Season One represents itself as the best that The Walking Dead has to offer for not only having the strongest writing and tightest pacing, but also for allowing more freedom in movement than other games. Lee can explore his environments and interact with items as well as other people a great deal more than characters can in later seasons, which became more and more focused on QTEs.
I couldn’t bring myself to make any different decisions to the ones I did the first time around: Carley over Doug, Lily walks a lonely road, fuck Ben off as soon as possible, keep that hair short. And I still, despite harnessing my inner Kurt Russell in Roadhouse, welled up at the painful goodbye to the best and, most importantly, human video game protagonist I’ve ever had the pleasure of playing as.
The Walking Dead: 400 Days
What a waste. 400 Days had great potential to allow Telltale to flex their muscles, to show just how deeply your decisions could change the course of later seasons. Apart from the appearance of Bonnie as an important character, the survivors from the DLC just turned up as cameos in Carver’s complex.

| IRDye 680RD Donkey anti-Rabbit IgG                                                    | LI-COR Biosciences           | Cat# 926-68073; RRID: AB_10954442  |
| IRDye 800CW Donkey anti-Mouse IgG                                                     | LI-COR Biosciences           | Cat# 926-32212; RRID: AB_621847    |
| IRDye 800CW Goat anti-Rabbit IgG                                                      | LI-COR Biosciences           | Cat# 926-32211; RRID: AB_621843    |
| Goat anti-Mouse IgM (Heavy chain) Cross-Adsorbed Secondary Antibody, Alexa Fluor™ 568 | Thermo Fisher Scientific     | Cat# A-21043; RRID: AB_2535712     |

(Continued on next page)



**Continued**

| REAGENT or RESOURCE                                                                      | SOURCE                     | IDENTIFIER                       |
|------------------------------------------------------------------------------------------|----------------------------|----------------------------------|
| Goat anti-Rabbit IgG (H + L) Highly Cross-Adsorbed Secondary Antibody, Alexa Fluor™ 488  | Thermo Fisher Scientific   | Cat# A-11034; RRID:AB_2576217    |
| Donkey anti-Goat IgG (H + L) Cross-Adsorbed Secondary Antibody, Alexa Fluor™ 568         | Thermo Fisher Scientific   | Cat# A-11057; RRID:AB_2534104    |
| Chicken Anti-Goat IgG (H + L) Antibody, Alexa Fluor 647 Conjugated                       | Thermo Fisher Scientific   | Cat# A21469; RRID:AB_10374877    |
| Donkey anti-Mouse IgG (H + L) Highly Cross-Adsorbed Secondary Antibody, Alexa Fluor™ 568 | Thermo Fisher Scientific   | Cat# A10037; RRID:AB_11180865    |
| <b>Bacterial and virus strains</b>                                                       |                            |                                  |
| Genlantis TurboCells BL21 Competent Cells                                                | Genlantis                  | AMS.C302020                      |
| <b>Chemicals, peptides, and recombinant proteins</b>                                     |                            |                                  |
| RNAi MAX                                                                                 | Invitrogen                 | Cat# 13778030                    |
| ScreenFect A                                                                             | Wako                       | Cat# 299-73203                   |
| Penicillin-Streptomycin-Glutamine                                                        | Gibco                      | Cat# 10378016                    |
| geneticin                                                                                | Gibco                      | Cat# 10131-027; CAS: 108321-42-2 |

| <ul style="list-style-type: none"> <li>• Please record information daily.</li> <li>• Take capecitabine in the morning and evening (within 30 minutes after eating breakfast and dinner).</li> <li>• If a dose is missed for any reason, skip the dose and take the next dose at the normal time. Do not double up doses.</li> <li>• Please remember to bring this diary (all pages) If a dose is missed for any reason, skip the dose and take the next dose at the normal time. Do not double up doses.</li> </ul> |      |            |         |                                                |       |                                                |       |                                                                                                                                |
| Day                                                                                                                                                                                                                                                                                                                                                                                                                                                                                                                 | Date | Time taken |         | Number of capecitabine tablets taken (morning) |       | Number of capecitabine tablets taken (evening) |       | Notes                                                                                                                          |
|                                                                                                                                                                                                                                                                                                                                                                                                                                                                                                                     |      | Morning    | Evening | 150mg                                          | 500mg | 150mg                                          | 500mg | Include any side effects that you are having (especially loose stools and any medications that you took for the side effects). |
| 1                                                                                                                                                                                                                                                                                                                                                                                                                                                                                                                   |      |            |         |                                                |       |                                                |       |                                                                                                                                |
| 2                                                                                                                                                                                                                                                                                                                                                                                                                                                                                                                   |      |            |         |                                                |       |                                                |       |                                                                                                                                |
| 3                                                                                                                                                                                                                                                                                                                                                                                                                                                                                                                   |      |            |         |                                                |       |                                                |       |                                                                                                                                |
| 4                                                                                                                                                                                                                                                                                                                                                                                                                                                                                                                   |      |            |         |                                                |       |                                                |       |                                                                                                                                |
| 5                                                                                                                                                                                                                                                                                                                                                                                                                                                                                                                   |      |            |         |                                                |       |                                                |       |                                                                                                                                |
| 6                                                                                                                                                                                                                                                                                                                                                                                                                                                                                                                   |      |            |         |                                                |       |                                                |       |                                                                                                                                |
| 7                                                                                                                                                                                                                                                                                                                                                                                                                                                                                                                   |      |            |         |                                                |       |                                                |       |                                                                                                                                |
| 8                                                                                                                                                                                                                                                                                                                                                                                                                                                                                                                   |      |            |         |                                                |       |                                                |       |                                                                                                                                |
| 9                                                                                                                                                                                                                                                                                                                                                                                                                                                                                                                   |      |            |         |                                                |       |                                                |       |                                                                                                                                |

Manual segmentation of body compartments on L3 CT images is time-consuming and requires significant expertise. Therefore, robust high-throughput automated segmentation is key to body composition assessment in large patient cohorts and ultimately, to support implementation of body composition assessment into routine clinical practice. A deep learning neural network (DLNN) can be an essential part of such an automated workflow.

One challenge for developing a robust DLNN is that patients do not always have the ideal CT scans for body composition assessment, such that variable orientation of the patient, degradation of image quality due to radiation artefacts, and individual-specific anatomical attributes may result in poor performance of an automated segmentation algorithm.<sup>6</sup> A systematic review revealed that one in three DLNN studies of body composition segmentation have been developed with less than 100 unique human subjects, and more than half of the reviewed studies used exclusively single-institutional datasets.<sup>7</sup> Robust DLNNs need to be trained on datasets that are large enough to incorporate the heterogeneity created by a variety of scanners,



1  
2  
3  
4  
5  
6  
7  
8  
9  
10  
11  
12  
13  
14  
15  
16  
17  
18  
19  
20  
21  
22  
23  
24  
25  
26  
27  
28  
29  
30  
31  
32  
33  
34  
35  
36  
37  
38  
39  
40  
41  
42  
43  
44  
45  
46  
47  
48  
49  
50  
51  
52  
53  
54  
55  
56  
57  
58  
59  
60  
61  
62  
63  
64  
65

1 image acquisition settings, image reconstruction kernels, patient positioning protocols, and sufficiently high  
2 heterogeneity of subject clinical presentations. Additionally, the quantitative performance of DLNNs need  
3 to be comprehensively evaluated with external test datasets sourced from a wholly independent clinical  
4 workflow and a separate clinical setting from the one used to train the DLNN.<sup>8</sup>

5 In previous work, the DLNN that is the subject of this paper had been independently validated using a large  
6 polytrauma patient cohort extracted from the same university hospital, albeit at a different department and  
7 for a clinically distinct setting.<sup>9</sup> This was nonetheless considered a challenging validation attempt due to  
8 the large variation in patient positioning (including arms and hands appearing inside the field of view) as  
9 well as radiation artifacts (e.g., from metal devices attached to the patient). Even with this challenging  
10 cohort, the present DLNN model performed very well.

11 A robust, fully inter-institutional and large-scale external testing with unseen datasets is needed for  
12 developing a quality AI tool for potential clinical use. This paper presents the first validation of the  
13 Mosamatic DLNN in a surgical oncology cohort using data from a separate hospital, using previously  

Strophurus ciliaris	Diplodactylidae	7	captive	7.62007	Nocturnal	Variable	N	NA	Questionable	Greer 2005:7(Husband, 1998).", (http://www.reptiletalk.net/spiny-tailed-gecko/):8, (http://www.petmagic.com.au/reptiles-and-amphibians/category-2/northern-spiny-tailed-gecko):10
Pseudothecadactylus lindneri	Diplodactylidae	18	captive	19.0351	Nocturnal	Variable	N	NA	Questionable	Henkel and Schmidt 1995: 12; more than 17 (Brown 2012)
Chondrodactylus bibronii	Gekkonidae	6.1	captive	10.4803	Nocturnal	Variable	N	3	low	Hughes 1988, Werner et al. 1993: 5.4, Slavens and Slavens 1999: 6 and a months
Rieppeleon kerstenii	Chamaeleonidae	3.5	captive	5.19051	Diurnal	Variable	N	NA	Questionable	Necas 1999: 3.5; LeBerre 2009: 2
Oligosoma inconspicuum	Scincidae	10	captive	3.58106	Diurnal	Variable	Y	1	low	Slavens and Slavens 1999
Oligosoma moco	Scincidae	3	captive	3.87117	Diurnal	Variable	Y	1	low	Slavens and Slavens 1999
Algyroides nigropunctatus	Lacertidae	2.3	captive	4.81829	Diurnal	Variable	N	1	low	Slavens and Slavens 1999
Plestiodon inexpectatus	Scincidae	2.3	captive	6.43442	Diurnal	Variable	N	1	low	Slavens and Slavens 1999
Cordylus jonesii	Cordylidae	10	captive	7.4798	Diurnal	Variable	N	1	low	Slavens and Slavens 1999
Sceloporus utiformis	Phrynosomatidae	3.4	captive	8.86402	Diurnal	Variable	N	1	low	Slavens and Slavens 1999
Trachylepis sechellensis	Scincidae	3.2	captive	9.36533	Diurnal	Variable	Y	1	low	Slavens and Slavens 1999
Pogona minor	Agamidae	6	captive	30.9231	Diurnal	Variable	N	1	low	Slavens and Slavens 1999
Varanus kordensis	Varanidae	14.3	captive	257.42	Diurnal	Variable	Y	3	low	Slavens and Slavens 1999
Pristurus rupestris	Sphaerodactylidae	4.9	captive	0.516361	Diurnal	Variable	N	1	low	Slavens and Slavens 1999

It’s a shame, because there is some good stuff in 400 Days. None of the stories dwell on just the one character for too long, just long enough to be introduced to their character and for Telltale to test new ideas for their next season. The best sections of 400 Days still belong to Shel, Vince, and Wyatt, with Vince’s story involving a shotgun and a chain remaining probably the most memorable.
There’s still time to re-introduce the 400 Days into The Final Season, though it’s hard to imagine where exactly with it having a shorter run of four episodes. While it’s a neat addition to the franchise that does its job, 400 Days could have been so much more.
The Walking Dead: Season Two